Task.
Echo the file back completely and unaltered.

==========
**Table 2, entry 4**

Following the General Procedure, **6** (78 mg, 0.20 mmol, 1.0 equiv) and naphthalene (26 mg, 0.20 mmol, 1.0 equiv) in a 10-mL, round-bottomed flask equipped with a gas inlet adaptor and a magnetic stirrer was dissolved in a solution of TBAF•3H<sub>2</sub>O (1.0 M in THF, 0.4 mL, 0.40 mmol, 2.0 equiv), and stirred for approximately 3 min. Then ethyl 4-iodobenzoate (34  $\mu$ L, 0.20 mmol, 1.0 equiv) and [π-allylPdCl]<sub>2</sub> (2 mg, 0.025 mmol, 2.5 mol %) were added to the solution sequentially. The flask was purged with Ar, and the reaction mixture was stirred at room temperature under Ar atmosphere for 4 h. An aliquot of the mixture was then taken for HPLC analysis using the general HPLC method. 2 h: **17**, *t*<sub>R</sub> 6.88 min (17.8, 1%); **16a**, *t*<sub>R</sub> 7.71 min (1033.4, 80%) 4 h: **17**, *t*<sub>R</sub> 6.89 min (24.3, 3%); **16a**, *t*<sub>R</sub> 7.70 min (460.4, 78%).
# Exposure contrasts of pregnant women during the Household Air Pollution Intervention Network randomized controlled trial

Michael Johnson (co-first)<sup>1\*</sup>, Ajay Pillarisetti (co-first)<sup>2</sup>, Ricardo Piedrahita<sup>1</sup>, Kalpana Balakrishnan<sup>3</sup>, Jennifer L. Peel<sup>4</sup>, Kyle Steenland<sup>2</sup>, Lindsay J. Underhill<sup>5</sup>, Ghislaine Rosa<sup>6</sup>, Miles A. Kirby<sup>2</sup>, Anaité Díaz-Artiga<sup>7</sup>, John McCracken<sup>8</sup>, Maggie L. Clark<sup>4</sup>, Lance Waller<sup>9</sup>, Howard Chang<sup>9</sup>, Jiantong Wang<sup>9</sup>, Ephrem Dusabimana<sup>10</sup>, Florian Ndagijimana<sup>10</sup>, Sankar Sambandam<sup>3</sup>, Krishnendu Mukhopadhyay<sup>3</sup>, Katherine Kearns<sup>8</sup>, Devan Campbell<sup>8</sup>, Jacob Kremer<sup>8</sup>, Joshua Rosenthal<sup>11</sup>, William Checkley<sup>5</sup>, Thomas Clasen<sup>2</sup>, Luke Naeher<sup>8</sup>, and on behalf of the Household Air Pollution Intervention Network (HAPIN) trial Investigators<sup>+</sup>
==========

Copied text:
**Table 2, entry 4**

Following the General Procedure, **6** (78 mg, 0.20 mmol, 1.0 equiv) and naphthalene (26 mg, 0.20 mmol, 1.0 equiv) in a 10-mL, round-bottomed flask equipped with a gas inlet adaptor and a magnetic stirrer was dissolved in a solution of TBAF•3H<sub>2</sub>O (1.0 M in THF, 0.4 mL, 0.40 mmol, 2.0 equiv), and stirred for approximately 3 min. Then ethyl 4-iodobenzoate (34  $\mu$ L, 0.20 mmol, 1.0 equiv) and [π-allylPdCl]<sub>2</sub> (2 mg, 0.025 mmol, 2.5 mol %) were added to the solution sequentially. The flask was purged with Ar, and the reaction mixture was stirred at room temperature under Ar atmosphere for 4 h. An aliquot of the mixture was then taken for HPLC analysis using the general HPLC method. 2 h: **17**, *t*<sub>R</sub> 6.88 min (17.8, 1%); **16a**, *t*<sub>R</sub> 7.71 min (1033.4, 80%) 4 h: **17**, *t*<sub>R</sub> 6.89 min (24.3, 3%); **16a**, *t*<sub>R</sub> 7.70 min (460.4, 78%).
# Exposure contrasts of pregnant women during the Household Air Pollution Intervention Network randomized controlled trial

Michael Johnson (co-first)<sup>1\*</sup>, Ajay Pillarisetti (co-first)<sup>2</sup>, Ricardo Piedrahita<sup>1</sup>, Kalpana Balakrishnan<sup>3</sup>, Jennifer L. Peel<sup>4</sup>, Kyle Steenland<sup>2</sup>, Lindsay J. Underhill<sup>5</sup>, Ghislaine Rosa<sup>6</sup>, Miles A. Kirby<sup>2</sup>, Anaité Díaz-Artiga<sup>7</sup>, John McCracken<sup>8</sup>, Maggie L. Clark<sup>4</sup>, Lance Waller<sup>9</sup>, Howard Chang<sup>9</sup>, Jiantong Wang<sup>9</sup>, Ephrem Dusabimana<sup>10</sup>, Florian Ndagijimana<sup>10</sup>, Sankar Sambandam<sup>3</sup>, Krishnendu Mukhopadhyay<sup>3</sup>, Katherine Kearns<sup>8</sup>, Devan Campbell<sup>8</sup>, Jacob Kremer<sup>8</sup>, Joshua Rosenthal<sup>11</sup>, William Checkley<sup>5</sup>, Thomas Clasen<sup>2</sup>, Luke Naeher<sup>8</sup>, and on behalf of the Household Air Pollution Intervention Network (HAPIN) trial Investigators<sup>+</sup>